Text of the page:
It took years for me to find out that Michael Fessier Jr. was no longer with us. According to an online news site, he succumbed to pancreatic cancer in 2014.

Bob Kalish observes life from a placid place on the island of Arrowsic (motto: You’re not in Georgetown yet). You can reach him at [email protected]

I’m writing about Mike Fessier because when I was just starting out in the writing game in the early 1960s, I was in a situation where I only had one friend in the whole world, and he turned out to be Mike Fessier. He was a tall gentleman who grew up in Southern California, and instead of going to college after high school, signed up as crewman on a freighter to Australia, where he married and spent the next two years as a journalist.

The job I got sounded great but it was lonely. No one to talk to, no one to have a beer with. As an aspiring writer I faced my future with a confidence that every experience would be worth the pain once my novel was out there.

I first met Mike when I was a reporter at Daily Variety in Hollywood. There were six or seven reporters, including me and Fessier. The others were old men who had been covering their beats since the days of vaudeville. Variety was a trade paper for the entertainment industry, not a fan magazine. The equivalent of Plumbers Weekly. Our job was to report on the business side of showbiz. We covered the money, the box office, the record companies, radio and television stations. The “biz” side of show biz. Mike and I were the only people under the age of 60 in that office, which had the atmosphere of a pending funeral. There was a plate of dried prunes always out on a table. My hours were from 2 in the afternoon until 10 in the evening.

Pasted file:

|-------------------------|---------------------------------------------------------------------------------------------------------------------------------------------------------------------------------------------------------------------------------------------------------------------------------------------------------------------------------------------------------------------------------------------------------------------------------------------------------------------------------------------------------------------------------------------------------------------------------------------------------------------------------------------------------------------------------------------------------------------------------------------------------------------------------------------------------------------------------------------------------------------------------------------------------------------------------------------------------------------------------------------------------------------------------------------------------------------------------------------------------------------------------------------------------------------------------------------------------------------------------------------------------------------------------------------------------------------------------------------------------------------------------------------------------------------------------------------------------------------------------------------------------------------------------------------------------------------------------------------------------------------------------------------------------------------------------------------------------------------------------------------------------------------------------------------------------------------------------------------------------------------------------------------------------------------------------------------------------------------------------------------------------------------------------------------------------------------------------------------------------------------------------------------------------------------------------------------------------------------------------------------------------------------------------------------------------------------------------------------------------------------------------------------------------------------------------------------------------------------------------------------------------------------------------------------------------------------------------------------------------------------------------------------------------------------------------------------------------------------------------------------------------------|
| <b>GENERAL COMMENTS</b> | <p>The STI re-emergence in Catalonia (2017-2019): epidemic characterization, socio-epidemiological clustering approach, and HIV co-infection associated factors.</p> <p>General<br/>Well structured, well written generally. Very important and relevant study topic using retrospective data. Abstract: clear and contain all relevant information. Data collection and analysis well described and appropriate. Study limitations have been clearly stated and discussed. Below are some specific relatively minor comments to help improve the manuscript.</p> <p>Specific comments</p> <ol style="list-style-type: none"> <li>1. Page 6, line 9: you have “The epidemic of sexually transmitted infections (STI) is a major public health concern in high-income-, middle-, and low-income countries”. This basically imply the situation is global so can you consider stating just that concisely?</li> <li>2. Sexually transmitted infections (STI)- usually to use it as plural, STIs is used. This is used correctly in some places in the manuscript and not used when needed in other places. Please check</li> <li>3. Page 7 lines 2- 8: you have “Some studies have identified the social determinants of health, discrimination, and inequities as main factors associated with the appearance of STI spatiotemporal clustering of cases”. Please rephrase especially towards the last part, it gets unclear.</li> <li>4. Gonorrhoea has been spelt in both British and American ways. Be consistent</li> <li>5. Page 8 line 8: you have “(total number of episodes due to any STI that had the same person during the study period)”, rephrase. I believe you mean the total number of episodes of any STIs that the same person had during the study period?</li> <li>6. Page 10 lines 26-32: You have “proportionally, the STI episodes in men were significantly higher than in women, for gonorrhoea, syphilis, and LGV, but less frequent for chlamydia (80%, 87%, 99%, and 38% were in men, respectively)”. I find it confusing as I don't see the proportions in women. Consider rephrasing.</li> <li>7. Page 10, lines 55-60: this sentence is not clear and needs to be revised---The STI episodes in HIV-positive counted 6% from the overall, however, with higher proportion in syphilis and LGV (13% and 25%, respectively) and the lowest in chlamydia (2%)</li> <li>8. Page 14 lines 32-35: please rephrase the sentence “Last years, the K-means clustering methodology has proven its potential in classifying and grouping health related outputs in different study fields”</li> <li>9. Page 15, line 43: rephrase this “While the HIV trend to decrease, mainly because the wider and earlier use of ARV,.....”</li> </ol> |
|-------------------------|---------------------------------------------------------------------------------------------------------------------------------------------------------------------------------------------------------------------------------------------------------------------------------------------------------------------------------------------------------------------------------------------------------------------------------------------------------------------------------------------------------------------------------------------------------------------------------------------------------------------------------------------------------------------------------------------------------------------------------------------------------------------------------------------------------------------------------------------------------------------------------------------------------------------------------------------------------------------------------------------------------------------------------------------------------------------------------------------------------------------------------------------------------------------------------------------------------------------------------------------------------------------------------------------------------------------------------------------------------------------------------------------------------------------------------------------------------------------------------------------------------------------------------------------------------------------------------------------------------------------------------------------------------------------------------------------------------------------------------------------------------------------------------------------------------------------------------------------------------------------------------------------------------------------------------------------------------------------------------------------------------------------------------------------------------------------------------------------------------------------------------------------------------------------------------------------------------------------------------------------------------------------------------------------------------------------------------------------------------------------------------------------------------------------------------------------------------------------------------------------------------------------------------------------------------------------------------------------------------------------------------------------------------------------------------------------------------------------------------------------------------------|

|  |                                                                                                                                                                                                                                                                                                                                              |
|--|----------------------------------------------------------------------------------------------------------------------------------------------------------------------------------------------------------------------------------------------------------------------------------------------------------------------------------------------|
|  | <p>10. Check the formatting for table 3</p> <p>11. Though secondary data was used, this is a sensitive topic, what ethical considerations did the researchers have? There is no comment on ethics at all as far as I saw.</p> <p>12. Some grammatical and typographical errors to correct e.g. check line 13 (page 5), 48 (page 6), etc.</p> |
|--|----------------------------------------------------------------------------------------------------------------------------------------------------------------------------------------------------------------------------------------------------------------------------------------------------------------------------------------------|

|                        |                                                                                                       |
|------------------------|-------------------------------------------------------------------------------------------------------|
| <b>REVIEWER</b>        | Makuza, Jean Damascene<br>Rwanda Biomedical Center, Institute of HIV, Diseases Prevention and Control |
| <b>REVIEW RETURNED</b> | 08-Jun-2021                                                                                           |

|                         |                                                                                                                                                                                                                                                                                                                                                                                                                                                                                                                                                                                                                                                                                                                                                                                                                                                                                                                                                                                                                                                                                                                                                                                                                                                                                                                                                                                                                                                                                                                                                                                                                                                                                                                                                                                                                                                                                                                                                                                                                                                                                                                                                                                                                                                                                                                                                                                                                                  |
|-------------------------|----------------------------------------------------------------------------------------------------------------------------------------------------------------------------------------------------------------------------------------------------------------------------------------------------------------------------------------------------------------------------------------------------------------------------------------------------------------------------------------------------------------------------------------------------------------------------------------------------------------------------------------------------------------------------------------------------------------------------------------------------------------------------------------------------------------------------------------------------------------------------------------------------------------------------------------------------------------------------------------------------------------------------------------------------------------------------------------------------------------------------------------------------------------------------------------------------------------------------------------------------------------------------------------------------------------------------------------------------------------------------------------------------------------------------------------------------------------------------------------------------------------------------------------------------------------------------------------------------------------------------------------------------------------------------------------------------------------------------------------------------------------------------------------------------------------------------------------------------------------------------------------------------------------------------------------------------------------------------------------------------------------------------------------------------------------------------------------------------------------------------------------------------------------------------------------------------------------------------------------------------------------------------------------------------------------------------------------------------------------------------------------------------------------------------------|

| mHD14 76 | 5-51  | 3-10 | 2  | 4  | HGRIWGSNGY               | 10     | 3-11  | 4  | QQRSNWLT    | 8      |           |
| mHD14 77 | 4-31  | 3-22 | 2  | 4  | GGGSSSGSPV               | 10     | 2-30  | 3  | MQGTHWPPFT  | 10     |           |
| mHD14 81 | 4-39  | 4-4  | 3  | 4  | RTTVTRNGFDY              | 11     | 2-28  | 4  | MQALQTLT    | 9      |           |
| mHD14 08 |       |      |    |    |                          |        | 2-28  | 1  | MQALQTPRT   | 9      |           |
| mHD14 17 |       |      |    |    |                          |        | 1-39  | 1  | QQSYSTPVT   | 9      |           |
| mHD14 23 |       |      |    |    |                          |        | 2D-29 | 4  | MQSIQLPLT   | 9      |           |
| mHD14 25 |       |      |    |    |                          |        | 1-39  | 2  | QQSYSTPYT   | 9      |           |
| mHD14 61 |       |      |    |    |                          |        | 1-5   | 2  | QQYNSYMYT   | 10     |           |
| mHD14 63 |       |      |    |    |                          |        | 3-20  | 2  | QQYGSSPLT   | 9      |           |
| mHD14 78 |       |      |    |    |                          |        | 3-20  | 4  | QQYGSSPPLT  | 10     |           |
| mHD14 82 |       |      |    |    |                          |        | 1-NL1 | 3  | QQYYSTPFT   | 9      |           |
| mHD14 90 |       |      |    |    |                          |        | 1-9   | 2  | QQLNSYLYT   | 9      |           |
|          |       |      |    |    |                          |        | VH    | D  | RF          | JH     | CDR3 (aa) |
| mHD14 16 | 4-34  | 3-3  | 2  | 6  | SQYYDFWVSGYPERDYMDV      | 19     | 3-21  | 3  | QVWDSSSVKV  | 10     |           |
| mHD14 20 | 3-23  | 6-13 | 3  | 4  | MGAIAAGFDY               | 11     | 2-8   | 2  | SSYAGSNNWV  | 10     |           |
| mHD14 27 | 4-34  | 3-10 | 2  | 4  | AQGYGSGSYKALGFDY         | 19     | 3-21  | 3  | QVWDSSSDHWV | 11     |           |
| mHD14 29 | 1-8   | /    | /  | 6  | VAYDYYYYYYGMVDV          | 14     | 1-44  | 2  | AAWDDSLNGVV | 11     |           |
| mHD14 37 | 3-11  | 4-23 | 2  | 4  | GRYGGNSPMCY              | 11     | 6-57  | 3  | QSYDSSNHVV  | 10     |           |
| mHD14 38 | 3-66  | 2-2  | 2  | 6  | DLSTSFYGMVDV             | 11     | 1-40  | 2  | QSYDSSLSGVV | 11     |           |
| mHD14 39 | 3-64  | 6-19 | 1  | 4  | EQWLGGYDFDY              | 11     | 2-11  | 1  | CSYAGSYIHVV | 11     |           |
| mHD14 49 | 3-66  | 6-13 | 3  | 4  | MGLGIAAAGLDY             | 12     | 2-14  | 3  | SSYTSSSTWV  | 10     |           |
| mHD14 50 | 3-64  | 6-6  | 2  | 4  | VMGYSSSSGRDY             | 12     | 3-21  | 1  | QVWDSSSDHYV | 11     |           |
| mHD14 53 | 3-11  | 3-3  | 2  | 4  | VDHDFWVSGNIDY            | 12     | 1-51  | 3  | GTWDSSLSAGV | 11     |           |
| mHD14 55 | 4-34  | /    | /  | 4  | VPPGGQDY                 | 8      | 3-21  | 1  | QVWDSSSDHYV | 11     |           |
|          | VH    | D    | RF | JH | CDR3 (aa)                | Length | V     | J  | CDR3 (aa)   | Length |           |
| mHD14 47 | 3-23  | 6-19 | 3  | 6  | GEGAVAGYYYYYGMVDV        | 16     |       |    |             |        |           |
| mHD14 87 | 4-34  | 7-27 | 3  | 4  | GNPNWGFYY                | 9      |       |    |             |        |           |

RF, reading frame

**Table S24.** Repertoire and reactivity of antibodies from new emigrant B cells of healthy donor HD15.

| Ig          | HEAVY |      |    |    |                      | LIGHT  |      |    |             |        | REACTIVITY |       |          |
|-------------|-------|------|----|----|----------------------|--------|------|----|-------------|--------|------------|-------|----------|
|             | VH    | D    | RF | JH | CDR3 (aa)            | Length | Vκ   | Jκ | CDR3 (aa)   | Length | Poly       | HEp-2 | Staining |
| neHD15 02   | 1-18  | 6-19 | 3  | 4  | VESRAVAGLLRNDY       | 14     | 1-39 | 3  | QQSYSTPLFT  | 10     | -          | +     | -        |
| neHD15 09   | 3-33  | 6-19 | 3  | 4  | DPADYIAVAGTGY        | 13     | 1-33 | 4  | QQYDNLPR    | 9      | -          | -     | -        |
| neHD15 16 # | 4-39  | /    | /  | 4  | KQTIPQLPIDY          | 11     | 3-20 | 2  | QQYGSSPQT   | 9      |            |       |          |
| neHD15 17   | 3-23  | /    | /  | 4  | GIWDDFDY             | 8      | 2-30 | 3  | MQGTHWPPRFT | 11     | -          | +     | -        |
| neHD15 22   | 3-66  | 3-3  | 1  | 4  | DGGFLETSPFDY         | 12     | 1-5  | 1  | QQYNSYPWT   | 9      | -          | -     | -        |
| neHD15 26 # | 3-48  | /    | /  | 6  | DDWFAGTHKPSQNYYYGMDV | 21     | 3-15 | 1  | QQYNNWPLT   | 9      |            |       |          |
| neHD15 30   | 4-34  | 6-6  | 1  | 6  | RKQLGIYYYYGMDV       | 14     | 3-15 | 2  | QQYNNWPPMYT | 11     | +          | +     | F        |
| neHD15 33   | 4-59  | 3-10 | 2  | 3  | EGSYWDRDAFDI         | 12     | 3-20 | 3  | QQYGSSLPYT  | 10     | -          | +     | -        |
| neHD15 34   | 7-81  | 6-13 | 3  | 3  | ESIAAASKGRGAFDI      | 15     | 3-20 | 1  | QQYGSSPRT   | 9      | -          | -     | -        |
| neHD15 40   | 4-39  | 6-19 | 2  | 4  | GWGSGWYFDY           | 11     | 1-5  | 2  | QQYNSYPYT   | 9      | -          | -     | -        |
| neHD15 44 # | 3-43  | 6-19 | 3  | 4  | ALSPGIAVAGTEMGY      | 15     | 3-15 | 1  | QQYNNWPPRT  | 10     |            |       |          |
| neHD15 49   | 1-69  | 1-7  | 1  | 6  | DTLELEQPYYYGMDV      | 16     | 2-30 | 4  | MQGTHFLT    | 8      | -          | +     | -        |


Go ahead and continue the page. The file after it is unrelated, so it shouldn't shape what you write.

So, I was stationed when everyone else was finished for the day. Except for Fessier. He often came by at dinner time just to avoid going home. Instead, he hung out with me as a lonely dusk settled over Los Angeles. We’d get my dinner at the 24-hour Ralph’s Supermarket on the corner of Sunset and Vine, where we found some commonality, despite coming from very different backgrounds.

Mike was a Southern California native, son of a little-known screenwriter, who instead of going to college went down to the San Pedro docks and signed on as a deckhand for an Australia-bound freighter. Two years later he returned with a wife and a child.

His story fascinated me. It had romance, it had rebellion, it had all that, plus more. Whereas I went straight – fulfilled my draft obligation then went down the road to college, where I earned a journalism degree and was dropped off at the intersection of the future and the rest of my life.

Somehow Mike and I developed a weird friendship that sustained itself for three decades, until I got a letter from him saying he was finished with me and our relationship.

Neither he nor I Ivied up to our expectations. Neither of us went on to write the Great American Novel. Just as well. We spent a lot of time shooting baskets and when he made a particularly difficult shot he would exclaim, “Like a butterfly’s kiss!” That was us.

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